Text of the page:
If something were to happen to you tomorrow, where would everything you own go? Can you say with certainly who your 401k would go to? What about your IRAs and life insurance benefits? Bank accounts?  

That is the purpose of a beneficiary designation.  Many people set up beneficiary designations when they open an account, which may have been years, or even decades, ago. The problem is that life happens. Marriages, divorces, births, and deaths are experienced by many people over their life.  Hopefully you went the extra step of setting up a will and maybe even a trust. Regardless you need to be proactive since beneficiary designations usually supersede any other instructions, including your will!  Are you making sure your current wishes are reflected in the beneficiaries you have chosen? A good start is understanding how the process works.  

What are the different types of beneficiaries?

There are a few major ways to categorize beneficiaries. They include the order in which assets are received as well as who is the recipient.

The order:

  • Primary Beneficiary  The first person who would receive the assets you are leaving behind would be called the primary beneficiary. You can designate one person to be the only primary beneficiary or split it between multiple people (1 @ 100%, 2 @ 50% each, 4 @ 25% each, etc.…).  Normally if one of the primary beneficiaries dies then the assets are split evenly among the remaining primary beneficiaries.  

  • Secondary Beneficiary  A secondary, or contingent, beneficiary is the next in line if all the primary beneficiaries predecease or die simultaneously with the account owner. A common example is spouses who each listed each other as the only primary beneficiary but both die in a common accident. Contingent beneficiaries are often left blank because it is perceived that they won’t be needed but they are an important part of planning.

  • Per Stirpes or Per Capita – This helps provide general rules within beneficiary designations governing how to divide up assets.  Think of it as “in addition to” the primary and secondary order.  Per stirpes (by branch) means that if one of your beneficiaries dies then their share is divided evenly between their children. If Jim and Pam are both 50% beneficiaries and Jim passes away prior to the account owner, his two kids would equally split his 50% share. Per Capita (by head or per unit) means that the entire amount left is divided equally among all eligible beneficiaries.  This is the most common approach as noted in the primary beneficiary description.  Using the previous example, it means if Jim passes prior to the account owner, Pam would now receive 100% and be the sole beneficiary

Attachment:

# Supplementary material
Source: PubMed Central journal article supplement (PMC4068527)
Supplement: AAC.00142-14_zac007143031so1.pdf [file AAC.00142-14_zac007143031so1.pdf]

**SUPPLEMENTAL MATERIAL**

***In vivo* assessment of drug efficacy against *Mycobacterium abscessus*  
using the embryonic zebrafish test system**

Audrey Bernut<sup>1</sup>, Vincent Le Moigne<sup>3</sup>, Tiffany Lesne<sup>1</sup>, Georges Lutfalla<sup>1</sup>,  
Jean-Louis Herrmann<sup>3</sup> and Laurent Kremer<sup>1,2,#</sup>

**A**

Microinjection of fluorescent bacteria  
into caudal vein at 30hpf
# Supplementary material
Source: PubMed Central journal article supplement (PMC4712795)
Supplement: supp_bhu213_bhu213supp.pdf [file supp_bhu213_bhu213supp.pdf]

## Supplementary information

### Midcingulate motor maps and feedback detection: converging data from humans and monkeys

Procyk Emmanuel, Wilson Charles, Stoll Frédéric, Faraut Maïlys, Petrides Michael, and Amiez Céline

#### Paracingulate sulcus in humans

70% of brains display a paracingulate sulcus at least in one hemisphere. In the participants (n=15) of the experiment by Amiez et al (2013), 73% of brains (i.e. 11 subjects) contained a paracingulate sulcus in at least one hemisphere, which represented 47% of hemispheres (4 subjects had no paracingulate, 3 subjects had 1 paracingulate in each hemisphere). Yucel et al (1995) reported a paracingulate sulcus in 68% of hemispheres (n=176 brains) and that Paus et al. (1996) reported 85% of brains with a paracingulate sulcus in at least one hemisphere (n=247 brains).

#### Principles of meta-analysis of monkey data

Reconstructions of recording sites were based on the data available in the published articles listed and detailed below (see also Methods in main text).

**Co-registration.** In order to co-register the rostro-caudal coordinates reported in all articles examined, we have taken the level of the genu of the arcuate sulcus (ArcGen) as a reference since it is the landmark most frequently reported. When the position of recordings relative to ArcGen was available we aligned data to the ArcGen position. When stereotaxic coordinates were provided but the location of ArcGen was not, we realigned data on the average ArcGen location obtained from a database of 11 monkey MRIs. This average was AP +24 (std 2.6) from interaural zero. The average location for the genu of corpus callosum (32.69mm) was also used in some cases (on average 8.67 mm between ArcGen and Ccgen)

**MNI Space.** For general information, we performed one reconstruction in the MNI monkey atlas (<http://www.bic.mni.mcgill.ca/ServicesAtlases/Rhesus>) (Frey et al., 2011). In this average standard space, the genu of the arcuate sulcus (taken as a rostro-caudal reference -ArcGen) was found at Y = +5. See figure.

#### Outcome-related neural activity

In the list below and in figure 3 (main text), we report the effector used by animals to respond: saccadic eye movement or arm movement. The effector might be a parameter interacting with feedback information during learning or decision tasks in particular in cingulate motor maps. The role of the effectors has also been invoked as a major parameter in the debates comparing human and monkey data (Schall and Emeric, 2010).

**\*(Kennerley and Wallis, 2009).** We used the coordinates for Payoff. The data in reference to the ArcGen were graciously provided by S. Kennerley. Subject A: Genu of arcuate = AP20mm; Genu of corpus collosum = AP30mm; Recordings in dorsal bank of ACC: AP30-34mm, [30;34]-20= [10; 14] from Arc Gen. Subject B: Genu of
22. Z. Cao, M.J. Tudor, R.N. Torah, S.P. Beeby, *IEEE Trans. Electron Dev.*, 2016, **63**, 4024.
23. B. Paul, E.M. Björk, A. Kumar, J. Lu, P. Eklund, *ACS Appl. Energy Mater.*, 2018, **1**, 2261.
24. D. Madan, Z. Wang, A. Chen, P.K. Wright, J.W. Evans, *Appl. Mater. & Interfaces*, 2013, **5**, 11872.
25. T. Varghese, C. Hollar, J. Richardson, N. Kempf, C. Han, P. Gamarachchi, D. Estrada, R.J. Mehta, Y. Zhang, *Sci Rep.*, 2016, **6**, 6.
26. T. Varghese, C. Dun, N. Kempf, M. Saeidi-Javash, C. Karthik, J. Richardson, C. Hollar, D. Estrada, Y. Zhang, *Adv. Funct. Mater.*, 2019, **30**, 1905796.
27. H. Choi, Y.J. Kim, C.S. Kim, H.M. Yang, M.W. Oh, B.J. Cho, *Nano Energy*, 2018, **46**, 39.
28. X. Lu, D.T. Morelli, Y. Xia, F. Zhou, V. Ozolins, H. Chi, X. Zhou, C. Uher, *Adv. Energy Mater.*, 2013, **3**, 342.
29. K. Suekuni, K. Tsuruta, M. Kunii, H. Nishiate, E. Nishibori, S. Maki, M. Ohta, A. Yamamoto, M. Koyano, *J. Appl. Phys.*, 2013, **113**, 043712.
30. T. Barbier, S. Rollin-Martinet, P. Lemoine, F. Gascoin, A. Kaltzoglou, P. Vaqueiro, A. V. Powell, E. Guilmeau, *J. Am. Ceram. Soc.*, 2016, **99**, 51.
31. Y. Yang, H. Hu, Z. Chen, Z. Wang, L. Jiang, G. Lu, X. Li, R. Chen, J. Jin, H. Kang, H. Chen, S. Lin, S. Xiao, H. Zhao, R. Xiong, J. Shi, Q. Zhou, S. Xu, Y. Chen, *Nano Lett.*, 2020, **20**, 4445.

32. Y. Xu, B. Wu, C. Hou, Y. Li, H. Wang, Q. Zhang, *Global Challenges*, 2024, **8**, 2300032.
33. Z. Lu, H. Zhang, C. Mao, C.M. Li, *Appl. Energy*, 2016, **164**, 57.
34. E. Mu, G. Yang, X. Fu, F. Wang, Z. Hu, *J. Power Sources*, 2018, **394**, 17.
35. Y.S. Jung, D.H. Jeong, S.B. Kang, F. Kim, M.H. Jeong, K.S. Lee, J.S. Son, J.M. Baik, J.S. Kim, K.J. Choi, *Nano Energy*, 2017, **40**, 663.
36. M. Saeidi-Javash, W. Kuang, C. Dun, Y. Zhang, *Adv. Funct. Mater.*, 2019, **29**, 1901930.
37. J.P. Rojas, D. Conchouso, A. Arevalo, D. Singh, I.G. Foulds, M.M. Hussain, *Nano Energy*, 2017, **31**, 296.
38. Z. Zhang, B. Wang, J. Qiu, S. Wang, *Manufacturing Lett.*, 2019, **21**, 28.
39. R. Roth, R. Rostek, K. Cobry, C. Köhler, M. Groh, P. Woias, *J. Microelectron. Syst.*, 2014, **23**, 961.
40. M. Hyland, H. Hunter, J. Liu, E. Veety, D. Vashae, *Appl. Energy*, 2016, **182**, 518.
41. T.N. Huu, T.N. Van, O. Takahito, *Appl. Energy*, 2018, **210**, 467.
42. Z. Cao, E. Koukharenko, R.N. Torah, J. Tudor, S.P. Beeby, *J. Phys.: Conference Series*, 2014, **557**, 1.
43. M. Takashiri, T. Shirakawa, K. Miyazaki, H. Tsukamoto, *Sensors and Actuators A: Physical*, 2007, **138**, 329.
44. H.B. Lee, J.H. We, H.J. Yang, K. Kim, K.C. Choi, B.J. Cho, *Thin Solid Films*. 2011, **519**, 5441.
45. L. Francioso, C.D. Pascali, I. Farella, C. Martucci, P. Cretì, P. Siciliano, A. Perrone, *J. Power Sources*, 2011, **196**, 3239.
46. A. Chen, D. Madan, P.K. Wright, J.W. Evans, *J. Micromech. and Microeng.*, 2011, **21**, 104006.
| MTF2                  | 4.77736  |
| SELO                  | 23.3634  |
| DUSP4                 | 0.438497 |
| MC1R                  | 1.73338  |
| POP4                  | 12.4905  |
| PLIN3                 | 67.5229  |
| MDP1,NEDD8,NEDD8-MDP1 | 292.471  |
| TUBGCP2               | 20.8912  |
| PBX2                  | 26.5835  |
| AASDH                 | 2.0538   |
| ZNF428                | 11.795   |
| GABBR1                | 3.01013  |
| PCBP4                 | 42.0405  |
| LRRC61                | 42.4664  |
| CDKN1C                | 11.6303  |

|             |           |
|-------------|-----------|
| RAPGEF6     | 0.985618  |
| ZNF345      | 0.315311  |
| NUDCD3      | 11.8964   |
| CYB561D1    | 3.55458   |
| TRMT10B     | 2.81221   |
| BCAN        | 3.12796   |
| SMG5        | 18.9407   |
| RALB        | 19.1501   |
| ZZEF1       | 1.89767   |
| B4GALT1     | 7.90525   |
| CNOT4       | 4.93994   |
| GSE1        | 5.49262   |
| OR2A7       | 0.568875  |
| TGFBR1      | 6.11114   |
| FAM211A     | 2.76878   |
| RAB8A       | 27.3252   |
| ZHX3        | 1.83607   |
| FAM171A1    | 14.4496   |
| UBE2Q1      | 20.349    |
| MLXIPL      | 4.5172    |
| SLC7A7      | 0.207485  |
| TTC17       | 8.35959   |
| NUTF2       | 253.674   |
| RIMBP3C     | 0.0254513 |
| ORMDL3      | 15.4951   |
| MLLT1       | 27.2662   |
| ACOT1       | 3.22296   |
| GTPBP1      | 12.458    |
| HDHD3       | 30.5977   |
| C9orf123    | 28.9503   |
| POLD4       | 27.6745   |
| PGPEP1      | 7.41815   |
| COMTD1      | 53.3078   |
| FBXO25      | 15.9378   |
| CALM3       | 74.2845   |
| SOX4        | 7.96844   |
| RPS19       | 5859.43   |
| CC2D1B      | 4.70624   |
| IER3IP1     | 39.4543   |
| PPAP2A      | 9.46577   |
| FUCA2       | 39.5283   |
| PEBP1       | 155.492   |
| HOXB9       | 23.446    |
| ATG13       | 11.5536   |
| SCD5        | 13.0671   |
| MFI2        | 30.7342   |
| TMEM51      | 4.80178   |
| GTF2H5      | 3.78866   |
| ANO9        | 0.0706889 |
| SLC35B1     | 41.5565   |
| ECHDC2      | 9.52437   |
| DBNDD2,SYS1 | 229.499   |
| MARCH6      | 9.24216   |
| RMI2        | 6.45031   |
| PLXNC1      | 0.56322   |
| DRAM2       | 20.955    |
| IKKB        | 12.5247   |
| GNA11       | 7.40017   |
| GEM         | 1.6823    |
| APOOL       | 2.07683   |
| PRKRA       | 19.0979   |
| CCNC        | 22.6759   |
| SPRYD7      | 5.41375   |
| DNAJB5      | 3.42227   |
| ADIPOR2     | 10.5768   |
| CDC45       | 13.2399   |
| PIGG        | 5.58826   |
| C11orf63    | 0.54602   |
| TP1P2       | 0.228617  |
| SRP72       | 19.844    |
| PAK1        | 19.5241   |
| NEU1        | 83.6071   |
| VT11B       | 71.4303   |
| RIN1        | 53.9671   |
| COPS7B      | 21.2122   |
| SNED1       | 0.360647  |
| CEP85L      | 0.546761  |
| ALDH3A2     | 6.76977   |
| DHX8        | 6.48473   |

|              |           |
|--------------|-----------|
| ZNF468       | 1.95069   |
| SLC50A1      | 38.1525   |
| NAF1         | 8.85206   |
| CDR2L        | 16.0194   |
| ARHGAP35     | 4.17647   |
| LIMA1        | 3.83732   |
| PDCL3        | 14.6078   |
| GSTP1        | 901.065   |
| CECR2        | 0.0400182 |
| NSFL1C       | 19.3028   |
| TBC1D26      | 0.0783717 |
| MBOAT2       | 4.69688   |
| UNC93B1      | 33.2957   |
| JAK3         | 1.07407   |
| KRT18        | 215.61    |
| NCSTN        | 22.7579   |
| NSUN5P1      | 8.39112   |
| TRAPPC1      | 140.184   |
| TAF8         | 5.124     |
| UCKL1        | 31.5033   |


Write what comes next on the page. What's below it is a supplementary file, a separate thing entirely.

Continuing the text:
The type:

  • Person  An individual such as a family member or friend.

  • Trust – You can name a trust as your beneficiary. An ILIT (Irrevocable Life Insurance Trust) is one of the most common, but there are several types of trusts that can provide extra protection or control over the proceeds.

  • Charity – Assets can be left directly to a charity on a beneficiary form. Pre-tax qualified accounts can make good matches for this strategy since the charity doesn’t have to pay any of the taxes like a family member might.   

There are more examples we left out because they are rarely used. For example, beneficiary designations can be revocable, meaning they can be changed, or irrevocable, meaning the designation is final. Almost all beneficiary designations are made revocable except in limited circumstances like if you were afraid you might be convinced / coerced into changing them at a time of limited capacity.

What types of accounts have beneficiaries?

There are four main types of accounts that have the option of listing beneficiaries. They are qualified accounts (meaning 401(k), 403(b), IRA, Roth IRA, SEP, SIMPLE, etc.), life insurance policies, annuity contracts, and 529 College Savings plans.

Although they all have beneficiary designations, they should not be treated the same. The reason is each account has different rules and tax implications that can, and should, be considered when naming beneficiaries. One prime example is the advantages spouses have enabling them to make an IRA their own instead of transferring it to an inherited IRA account. That allows them to continue to defer any required distributions until their own required date instead of having to start them immediately like a non-spouse beneficiary would.

Don’t forget to check with your employer for any and all benefits that could have a beneficiary designation such as pensions, group life insurance, or HSA accounts. These are easy to miss and may need to be redone if your company changes who is administering the benefit.

Do I need to name beneficiaries if I have a will?

Yes. Just to be clear, a will is used to create an orderly disbursement of your probate estate. The KEY benefit of using beneficiary designations is that it allows the proceeds to pass to the beneficiary WITHOUT going through the probate process. No fees, no courts, fewer delays. This allows for the most efficient transfer of assets after your death, but also leaves a much small, simpler, and less costly probate experience for your loved ones.  

That doesn’t mean a will is not a vital part of your estate plan. You can’t name a guardian for your minor children via a beneficiary designation. Nor can you leave your complete set of 1989 Topps baseball cards, if you by chance saved it. The point is beneficiary designations should work together with your will and any trusts to ensure there is a plan for all the things you care about.

Can I name my kids as beneficiaries?